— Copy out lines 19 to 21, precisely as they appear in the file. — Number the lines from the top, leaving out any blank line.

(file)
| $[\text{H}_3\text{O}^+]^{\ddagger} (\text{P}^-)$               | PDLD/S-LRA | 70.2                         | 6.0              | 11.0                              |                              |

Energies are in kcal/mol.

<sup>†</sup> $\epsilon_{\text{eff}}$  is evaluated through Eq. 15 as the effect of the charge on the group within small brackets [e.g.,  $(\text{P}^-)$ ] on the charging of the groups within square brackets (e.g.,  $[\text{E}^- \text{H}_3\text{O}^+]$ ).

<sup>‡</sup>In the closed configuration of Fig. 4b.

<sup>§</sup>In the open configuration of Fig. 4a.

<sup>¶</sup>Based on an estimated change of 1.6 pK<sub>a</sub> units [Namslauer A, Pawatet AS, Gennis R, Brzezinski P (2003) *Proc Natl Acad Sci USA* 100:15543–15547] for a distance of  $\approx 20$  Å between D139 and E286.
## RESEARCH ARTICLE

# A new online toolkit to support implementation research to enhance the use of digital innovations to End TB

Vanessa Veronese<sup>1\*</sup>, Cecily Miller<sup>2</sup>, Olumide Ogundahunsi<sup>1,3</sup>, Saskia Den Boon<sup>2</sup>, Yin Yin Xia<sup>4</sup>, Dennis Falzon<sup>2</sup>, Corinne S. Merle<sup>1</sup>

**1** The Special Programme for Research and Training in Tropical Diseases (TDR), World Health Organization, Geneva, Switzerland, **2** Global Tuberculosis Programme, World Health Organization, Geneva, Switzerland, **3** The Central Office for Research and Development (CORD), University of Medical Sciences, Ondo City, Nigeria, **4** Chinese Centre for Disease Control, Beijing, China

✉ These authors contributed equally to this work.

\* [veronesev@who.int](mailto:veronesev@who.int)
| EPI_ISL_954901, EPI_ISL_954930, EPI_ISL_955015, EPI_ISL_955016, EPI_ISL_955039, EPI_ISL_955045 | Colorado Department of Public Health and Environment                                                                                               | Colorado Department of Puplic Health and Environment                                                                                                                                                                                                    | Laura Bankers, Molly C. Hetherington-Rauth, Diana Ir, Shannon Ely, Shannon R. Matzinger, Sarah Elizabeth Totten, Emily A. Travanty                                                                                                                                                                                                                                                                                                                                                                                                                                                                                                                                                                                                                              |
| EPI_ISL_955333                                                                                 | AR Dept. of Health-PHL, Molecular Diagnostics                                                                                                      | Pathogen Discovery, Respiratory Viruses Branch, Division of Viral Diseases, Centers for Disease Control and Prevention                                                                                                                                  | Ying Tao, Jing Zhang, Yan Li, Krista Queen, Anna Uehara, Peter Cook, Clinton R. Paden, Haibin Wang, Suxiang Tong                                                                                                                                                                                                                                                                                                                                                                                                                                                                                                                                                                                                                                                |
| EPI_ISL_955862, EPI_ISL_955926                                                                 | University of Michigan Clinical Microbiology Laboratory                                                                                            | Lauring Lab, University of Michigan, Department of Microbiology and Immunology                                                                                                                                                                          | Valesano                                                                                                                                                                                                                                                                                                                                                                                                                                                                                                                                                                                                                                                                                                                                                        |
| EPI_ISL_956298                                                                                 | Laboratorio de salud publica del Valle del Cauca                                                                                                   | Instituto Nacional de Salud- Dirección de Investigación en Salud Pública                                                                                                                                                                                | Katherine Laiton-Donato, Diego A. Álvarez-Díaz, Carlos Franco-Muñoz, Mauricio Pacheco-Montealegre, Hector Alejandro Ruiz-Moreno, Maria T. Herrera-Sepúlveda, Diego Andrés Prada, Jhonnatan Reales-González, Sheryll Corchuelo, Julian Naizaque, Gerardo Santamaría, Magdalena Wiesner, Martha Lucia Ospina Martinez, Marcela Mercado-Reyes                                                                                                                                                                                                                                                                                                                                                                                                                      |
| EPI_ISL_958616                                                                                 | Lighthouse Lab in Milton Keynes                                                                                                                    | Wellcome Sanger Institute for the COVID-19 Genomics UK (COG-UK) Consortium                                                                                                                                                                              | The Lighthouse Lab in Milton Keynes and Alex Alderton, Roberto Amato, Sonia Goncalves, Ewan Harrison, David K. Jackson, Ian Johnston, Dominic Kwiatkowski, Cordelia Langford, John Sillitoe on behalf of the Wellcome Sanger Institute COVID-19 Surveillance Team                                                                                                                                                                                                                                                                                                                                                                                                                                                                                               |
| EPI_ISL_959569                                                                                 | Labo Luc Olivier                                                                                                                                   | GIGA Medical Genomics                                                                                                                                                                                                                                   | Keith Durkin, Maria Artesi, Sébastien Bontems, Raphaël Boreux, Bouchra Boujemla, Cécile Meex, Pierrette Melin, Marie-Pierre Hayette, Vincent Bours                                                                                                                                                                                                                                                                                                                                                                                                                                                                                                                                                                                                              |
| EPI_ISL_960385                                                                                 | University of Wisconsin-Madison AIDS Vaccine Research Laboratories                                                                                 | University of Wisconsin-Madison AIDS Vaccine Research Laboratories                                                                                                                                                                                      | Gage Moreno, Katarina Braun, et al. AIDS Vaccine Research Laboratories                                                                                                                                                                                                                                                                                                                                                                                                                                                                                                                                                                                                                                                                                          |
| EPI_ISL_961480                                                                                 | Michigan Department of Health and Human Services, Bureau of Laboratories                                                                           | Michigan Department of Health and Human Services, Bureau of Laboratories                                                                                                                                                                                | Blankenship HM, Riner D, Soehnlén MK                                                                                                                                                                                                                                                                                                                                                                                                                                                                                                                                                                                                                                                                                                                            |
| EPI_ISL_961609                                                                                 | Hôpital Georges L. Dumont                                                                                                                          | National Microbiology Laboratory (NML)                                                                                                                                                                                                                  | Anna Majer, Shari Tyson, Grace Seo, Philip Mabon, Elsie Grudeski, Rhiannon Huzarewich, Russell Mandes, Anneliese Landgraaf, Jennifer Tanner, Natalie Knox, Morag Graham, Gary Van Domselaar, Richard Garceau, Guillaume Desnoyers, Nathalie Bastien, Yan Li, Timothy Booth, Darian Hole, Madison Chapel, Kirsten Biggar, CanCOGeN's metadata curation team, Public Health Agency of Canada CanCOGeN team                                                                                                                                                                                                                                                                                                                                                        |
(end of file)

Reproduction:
| EPI_ISL_960385                                                                                 | University of Wisconsin-Madison AIDS Vaccine Research Laboratories                                                                                 | University of Wisconsin-Madison AIDS Vaccine Research Laboratories                                                                                                                                                                                      | Gage Moreno, Katarina Braun, et al. AIDS Vaccine Research Laboratories                                                                                                                                                                                                                                                                                                                                                                                                                                                                                                                                                                                                                                                                                          |
| EPI_ISL_961480                                                                                 | Michigan Department of Health and Human Services, Bureau of Laboratories                                                                           | Michigan Department of Health and Human Services, Bureau of Laboratories                                                                                                                                                                                | Blankenship HM, Riner D, Soehnlén MK                                                                                                                                                                                                                                                                                                                                                                                                                                                                                                                                                                                                                                                                                                                            |
| EPI_ISL_961609                                                                                 | Hôpital Georges L. Dumont                                                                                                                          | National Microbiology Laboratory (NML)                                                                                                                                                                                                                  | Anna Majer, Shari Tyson, Grace Seo, Philip Mabon, Elsie Grudeski, Rhiannon Huzarewich, Russell Mandes, Anneliese Landgraaf, Jennifer Tanner, Natalie Knox, Morag Graham, Gary Van Domselaar, Richard Garceau, Guillaume Desnoyers, Nathalie Bastien, Yan Li, Timothy Booth, Darian Hole, Madison Chapel, Kirsten Biggar, CanCOGeN's metadata curation team, Public Health Agency of Canada CanCOGeN team                                                                                                                                                                                                                                                                                                                                                        |